An automated FedRAMP review process will speed up authorizations, drive continuous improvement and put cloud service providers in the driver's seat.
When we drill down to its essence, technology is all about making things "smarter, faster, better." Fortunately, the Federal Risk and Authorization Management Program (FedRAMP) appears poised to do just that – significantly improving its authorization processes.
To reduce end-to-end authorization timelines, FedRAMP recently announced that it intends to implement validation rules which will leverage Open Security Controls Assessment Language to automate reviews. Developed by the National Institute of Standards and Technology, OSCAL is a set of hierarchical, XML, JSON and YAML-based formats which standardize the representation of information related to the publication, implementation and assessment of security controls and cloud compliance. OSCAL provides machine-readable representations of control catalogs, control baselines, system security plans, assessment plans and results.
With review teams taking advantage of "reusable automation" to perform initial package reviews, FedRAMP will be able to more quickly notify cloud service providers when a package does not meet requirements. The automated reviews will provide consistent feedback with structured markup, just as reviewers do today. In addition, CSPs and third-party assessment organizations (3PAOs) can use the technology to conduct their own self-tests prior to submitting a package. "When both FedRAMP and industry utilize automated validation rules," according to a FedRAMP blog about the announcement, "FedRAMP reviewers will spend less time on packages that do not pass initial criteria, and therefore, are not ready for review."
FedRAMP was launched in 2011 to establish a cost-effective, risk-based, standardized approach for the adoption and use of cloud services by the federal government. Either agencies or the FedRAMP Joint Authorization Board (JAB) can grant sponsorships required for CSPs to receive authority to operate or a provisional authority to operate. To be considered for FedRAMP ATO or P-ATO, CSPs work with 3PAOs to complete a readiness assessment and/or a full assessment of its offering.
It's becoming increasingly clear that in order to succeed in the government cloud market, CSPs must establish a strong FedRAMP presence. In a 2020 survey of federal IT and business decision-makers, four of five said they either prefer to use FedRAMP-authorized cloud services or exclusively use them. However, agencies encounter difficulties in acquiring and/or designating internal personnel to validate the security of ATO solutions (as cited by 41% of these decision-makers), and they also indicate that there aren't enough solutions/services available in the FedRAMP Marketplace to meet organizational requirements (34%). More than one-quarter said it takes too long to get JAB authorization. As of mid-August, there were only 235 FedRAMP authorized offerings in the FedRAMP Marketplace out of the 15,000 commercial cloud products in existence.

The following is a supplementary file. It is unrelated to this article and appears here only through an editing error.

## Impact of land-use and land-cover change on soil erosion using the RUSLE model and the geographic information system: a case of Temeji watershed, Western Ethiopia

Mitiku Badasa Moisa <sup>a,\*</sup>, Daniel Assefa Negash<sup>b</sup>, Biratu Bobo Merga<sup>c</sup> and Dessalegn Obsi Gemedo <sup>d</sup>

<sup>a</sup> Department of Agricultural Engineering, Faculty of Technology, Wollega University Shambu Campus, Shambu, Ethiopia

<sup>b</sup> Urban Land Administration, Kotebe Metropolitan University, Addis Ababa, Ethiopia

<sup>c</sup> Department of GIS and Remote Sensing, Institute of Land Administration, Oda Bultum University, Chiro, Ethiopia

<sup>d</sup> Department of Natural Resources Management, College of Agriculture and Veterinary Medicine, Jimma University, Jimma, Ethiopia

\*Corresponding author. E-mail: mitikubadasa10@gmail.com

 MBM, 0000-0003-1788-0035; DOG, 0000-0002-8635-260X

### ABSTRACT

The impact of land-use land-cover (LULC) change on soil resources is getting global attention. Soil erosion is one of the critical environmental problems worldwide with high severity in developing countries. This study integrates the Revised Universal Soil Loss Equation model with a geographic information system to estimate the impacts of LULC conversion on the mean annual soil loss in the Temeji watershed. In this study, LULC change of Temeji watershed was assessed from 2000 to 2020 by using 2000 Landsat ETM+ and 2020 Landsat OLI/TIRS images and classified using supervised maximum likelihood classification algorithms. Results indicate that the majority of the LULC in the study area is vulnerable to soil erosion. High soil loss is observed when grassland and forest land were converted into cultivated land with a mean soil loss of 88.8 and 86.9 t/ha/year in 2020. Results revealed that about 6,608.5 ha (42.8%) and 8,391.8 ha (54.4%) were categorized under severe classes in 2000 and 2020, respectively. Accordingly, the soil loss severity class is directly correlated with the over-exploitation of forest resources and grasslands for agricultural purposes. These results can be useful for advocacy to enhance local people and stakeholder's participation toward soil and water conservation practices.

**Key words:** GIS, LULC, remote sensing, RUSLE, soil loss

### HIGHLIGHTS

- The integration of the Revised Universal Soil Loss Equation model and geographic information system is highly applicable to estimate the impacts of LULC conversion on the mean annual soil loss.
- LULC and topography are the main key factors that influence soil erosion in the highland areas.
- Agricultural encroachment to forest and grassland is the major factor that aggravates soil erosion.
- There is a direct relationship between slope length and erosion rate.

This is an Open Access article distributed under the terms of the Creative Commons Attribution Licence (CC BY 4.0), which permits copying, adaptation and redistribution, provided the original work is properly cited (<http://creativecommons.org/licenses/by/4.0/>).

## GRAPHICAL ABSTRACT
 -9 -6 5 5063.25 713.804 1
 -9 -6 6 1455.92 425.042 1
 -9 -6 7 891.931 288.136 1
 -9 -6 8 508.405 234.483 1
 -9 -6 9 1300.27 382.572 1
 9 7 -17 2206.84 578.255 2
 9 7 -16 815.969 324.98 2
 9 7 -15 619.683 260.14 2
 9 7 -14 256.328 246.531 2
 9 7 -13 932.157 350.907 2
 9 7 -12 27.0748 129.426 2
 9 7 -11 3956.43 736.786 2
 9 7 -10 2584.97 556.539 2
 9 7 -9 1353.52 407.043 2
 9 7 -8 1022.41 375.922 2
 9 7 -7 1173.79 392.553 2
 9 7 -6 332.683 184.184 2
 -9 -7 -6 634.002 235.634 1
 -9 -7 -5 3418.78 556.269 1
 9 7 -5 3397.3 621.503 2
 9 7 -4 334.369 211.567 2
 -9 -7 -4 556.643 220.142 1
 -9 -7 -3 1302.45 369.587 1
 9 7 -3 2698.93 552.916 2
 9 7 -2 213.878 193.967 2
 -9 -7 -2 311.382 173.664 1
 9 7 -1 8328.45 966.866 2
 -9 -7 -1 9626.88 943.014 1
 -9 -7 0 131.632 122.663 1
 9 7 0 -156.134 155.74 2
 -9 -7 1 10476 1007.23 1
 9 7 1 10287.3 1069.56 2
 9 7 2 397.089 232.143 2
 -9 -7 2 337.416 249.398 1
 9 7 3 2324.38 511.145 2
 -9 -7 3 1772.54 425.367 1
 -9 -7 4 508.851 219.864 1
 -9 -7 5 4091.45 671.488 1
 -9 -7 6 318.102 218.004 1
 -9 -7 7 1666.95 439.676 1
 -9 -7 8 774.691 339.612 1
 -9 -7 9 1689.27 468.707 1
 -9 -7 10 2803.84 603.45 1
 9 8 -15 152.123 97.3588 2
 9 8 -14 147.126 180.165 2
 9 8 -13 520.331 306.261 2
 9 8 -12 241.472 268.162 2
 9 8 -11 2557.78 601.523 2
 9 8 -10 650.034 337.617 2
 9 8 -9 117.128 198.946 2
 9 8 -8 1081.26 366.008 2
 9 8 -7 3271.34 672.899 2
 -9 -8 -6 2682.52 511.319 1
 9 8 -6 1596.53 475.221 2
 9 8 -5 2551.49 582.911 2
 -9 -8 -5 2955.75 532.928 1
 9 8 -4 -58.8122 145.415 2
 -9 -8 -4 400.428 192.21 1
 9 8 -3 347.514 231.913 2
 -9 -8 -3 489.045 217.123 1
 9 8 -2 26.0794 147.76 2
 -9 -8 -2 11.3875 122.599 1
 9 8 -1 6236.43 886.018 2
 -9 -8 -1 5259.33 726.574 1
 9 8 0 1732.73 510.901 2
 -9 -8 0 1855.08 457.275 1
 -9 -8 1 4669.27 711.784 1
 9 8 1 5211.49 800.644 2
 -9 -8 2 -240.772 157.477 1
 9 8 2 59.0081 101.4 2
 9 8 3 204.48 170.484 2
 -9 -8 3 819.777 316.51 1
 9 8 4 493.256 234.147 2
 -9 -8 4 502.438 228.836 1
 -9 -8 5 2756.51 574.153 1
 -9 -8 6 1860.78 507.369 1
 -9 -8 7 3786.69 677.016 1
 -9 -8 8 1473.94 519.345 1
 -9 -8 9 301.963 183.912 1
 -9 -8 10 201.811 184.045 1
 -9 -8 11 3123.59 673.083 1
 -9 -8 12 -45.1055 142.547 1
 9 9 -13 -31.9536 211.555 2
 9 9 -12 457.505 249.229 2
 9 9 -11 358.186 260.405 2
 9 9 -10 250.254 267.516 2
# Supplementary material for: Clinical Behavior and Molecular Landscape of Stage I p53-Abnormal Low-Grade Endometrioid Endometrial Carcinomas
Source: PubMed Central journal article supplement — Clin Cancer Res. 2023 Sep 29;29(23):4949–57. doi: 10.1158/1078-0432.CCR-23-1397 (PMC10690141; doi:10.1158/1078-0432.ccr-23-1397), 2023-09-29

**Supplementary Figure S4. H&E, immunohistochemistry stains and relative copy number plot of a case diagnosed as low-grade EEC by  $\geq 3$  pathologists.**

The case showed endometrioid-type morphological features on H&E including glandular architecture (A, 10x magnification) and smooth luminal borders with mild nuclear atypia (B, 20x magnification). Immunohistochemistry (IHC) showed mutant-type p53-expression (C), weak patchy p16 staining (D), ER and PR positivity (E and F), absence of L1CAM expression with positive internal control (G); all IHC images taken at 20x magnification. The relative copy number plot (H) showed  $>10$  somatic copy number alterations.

So how will an OSCAL-enabled automated review process help address these challenges? Here are three immediate – and impactful – benefits, and how they perfectly fit into the "smarter, faster, better" equation:
It will put power in the hands of CSPs (smarter). As OSCAL becomes more widely adopted, CSPs will use OSCAL-enabled apps to conduct their own self-tests. Instead of waiting for FedRAMP or 3PAOs to tell them how they're doing, they'll be able to find out how far along they are on meeting requirements on their own.
It will satisfy the "need for speed" (faster). While some manual processes will remain, OSCAL is all about making things go faster. There will be no need for the tedious generation of hundreds of pages of Excel and Word docs. Machine-driven assessment and review will show which package security controls are good and which aren't. While the time saved is still TBD, it seems possible that the typical turnaround period of two to four months for an assessment could be reduced to a mere two to four weeks.
It will drive new levels of continuous improvement (better). OSCAL provides the building blocks for interoperability across disparate tools, getting technologies to talk to each other that normally don't. This lays the groundwork for delivering prescriptive information to get cloud security to where it needs to go. OSCAL's common language will normalize and liberate valuable data from tools for, say, network asset management and governance, risk and compliance, to cite just two examples. As a result, government IT leaders and their teams will be able to – with support from additional machine learning/artificial intelligence tools – analyze the data to determine which security controls are working and which aren't. With this, they can improve FedRAMP baselines for authorization requirements, with better informed decisions about security posture and risk management.
It will take some work to maximize the potential of OSCAL, as most OSCAL-enabled end-user applications are yet to be built. But the automated validation rules represent a crucial step in the right direction, promising to usher in a new era of groundbreaking efficacy and impact for FedRAMP. It’s a perfect example of how our dedication and even passion for innovation doesn't simply bring out the best in our technology – it brings out the best in our government.